Did you ever wonder about the types of love described in different cultures? You’ve probably heard different words for love in Hinduism and Ancient Greece.
Although Valentine’s Day tends toward commerciality and focuses on romance, this year I am trying to celebrate different types of love at home.
This intention had me thinking about how love is described in Hinduism, as well as how those words line up with the more popularly understood words used by the Ancient Greeks.
Words for Love in Hinduism and Ancient Greece
Hinduism addresses six different types of love. It doesn’t surprise me that definitions of love tie intricately to the mythology, belief system, and religious basis of Hinduism.
- Kama – sexual desire or craving (yup, the Kama Sutra)
- Shringara – romance and emotional intimacy between lovers, and represented in mythology as the relationship between Radha and Krishna
- Maitri – which can translate as “mother’s love” but really encompasses compassion for all living creatures, and which is demonstrated by simple acts of kindness. One source defines maitri as amity, or goodwill despite the differences between us.
- Bhakti – devotion, to God or to the world or to some higher ideal. In Hindu mythology, Hanuman epitomizes bhakti.
- Karuna – compassion. This word originates in Sanskrit as “sadness,” which I find interesting, since compassion is rooted in understanding and wanting to help others. However, karuna differs from pity, which Hindus believe to be rooted in selfish motivation.
- Atma-prema – love for the soul, or love for that part that connects all of us. Interestingly, atma-prema is defined as self-love. In recognizing that the unique thing that makes one’s “self” is shared among all of creation, one can offer unconditional love because everyone is connected at the source.
This Super Bowl ad stole my thunder, though it only references four the of the eight different types of love defined by the Ancient Greeks. The words
- Eros – sexual passion, most similar to the Hindu kama, and which the Greeks treated as something negative because it represented an irrationality and a loss of control. Obviously, it is also the name of the Greek god and forms the basis of the word erotic.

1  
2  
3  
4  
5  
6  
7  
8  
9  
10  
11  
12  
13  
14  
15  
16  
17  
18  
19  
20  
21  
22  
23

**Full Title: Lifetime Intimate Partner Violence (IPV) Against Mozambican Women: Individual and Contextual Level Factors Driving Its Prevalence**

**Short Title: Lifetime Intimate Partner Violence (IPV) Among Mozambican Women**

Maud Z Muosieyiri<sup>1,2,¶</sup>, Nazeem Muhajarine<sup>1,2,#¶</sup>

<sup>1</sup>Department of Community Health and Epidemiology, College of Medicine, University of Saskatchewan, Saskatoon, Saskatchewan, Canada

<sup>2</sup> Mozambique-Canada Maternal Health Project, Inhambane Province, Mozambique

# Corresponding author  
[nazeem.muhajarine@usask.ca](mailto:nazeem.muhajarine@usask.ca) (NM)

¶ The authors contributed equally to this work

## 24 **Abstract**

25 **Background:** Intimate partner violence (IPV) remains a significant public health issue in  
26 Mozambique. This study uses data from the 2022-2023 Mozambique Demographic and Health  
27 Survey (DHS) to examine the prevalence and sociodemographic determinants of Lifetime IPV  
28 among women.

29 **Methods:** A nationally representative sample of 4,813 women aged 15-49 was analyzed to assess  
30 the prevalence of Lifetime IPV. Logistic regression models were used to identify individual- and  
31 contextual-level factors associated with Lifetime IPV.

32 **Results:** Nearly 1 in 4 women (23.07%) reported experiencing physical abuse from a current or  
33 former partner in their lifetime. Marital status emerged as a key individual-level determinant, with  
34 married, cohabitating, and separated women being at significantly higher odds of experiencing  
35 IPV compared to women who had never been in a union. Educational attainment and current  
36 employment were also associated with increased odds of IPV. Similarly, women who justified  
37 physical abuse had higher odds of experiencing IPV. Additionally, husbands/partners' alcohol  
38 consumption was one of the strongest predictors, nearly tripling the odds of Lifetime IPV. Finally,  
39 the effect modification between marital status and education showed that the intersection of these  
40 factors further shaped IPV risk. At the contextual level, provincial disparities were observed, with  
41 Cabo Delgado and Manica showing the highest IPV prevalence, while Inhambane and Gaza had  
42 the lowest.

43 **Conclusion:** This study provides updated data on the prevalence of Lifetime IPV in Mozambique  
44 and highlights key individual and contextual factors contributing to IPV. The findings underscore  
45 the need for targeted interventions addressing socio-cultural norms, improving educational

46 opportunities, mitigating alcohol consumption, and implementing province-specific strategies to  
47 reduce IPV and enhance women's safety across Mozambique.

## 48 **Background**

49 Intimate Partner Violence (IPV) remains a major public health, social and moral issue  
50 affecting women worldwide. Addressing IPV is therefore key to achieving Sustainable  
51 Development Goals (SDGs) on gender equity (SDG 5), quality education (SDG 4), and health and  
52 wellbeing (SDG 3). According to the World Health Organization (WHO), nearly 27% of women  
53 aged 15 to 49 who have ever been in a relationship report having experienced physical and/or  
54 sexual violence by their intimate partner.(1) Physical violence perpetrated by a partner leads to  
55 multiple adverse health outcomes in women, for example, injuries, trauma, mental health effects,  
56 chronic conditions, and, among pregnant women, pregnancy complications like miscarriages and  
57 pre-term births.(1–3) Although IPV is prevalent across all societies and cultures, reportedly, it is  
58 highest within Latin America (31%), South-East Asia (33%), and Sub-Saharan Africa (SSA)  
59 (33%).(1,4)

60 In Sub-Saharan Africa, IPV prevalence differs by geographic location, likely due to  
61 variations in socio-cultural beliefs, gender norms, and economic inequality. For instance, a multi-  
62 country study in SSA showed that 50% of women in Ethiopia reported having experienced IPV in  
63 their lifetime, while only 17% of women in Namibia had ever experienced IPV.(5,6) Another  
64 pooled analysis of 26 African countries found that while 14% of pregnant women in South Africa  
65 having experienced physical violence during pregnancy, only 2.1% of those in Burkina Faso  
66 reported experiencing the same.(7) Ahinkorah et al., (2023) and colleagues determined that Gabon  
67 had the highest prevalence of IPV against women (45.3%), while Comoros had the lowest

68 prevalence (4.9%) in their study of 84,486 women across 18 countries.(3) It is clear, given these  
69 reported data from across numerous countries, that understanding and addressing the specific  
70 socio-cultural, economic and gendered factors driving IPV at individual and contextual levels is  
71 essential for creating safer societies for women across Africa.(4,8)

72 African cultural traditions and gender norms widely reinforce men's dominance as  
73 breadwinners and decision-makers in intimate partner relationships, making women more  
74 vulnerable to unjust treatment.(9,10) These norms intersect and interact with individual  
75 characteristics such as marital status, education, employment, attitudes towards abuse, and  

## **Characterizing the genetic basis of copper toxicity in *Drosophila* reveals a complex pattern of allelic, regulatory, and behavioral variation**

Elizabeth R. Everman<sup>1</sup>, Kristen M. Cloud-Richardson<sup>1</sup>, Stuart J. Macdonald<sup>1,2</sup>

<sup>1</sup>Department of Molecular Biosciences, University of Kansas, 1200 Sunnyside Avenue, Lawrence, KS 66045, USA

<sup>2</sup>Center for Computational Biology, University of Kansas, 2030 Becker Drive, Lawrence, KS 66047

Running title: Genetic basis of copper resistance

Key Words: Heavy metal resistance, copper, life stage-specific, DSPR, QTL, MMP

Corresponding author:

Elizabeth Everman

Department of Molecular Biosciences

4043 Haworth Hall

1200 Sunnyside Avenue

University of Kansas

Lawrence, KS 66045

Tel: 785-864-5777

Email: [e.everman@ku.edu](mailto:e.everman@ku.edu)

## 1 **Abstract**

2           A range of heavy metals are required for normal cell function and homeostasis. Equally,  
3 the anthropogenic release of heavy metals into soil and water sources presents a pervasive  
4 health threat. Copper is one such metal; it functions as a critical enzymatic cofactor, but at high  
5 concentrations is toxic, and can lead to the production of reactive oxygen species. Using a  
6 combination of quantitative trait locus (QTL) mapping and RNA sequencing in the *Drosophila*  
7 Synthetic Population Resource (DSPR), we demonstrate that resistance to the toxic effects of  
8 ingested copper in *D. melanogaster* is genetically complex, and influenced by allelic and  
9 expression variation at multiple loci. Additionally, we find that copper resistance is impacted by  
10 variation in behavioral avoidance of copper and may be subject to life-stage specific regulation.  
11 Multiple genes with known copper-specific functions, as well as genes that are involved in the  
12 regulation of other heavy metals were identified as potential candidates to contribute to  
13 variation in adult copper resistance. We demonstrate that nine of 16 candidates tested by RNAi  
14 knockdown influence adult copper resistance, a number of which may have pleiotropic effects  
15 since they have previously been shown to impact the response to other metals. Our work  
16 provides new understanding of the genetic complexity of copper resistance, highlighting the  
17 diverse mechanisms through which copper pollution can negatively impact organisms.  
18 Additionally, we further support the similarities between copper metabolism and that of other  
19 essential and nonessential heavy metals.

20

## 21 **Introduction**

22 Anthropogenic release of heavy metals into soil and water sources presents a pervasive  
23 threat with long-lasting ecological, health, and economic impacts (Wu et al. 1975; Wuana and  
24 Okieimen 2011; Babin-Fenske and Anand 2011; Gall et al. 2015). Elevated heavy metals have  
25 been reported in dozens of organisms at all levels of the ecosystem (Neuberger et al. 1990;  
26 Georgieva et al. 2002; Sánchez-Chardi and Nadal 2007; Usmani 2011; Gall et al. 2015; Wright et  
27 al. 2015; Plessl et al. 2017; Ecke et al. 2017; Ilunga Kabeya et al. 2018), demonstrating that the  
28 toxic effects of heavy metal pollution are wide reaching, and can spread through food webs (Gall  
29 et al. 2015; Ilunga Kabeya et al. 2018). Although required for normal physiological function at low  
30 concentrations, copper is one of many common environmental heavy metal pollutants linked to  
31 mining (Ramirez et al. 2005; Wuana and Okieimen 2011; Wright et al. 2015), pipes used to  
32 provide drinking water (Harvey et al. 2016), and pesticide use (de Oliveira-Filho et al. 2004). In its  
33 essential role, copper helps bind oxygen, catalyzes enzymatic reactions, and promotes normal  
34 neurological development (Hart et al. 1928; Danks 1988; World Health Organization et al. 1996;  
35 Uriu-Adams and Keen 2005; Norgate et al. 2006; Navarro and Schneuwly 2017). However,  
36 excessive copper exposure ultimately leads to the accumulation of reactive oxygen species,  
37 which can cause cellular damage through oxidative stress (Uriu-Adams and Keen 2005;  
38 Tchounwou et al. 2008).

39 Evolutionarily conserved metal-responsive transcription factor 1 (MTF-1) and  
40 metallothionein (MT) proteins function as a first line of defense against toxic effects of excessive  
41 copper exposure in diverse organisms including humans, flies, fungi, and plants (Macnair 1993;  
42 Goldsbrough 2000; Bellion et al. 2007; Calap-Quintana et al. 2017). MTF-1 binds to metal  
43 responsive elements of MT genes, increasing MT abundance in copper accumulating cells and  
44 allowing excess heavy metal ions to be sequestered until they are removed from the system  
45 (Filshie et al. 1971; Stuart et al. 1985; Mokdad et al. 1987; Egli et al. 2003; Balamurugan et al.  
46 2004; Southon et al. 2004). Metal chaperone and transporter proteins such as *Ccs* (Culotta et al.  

- Ludus – playful affection, between children, between those flirting (and falling in love), between teasing friends, (and yes, it is the origin of ludicrous, which means something that is amusing because of its absurdity).
- Mania – I’m sure this one requires little explanation, but this is obsessive love.
- Philia – loyal, sacrificing friendship, particularly among those who fought side-by-side on the battlefield (and you know this word as the suffix in words like bibliophile, a lover of books)
- Pragma – a mature, enduring love based on compromise, patience, and tolerance between couples who have been together a long time or in long-lasting friendships (of course, this is the root of pragmatic, meaning practical)
- Storge – love between family members, like the love shared by parents and children.
- Philautia – love of the self. Don’t confuse this with (negative) narcissism, but rather more positively as healthy self-esteem, which that permits you to show kindness to others because you show kindness to yourself.
- Agape – selfless love, or unconditional love, which eventually translated into the Latin word for charity and reflects our empathy. Greeks believed that agape was the purest form of love because it was free of any expectation. Hindus call this type of love karuna.
Literally no one: …
Me: What is love?
Words for love in Hinduism and Ancient Greece help us understand what each culture valued. No matter what type of love you’re celebrating, I wish you a Happy Valentine’s Day.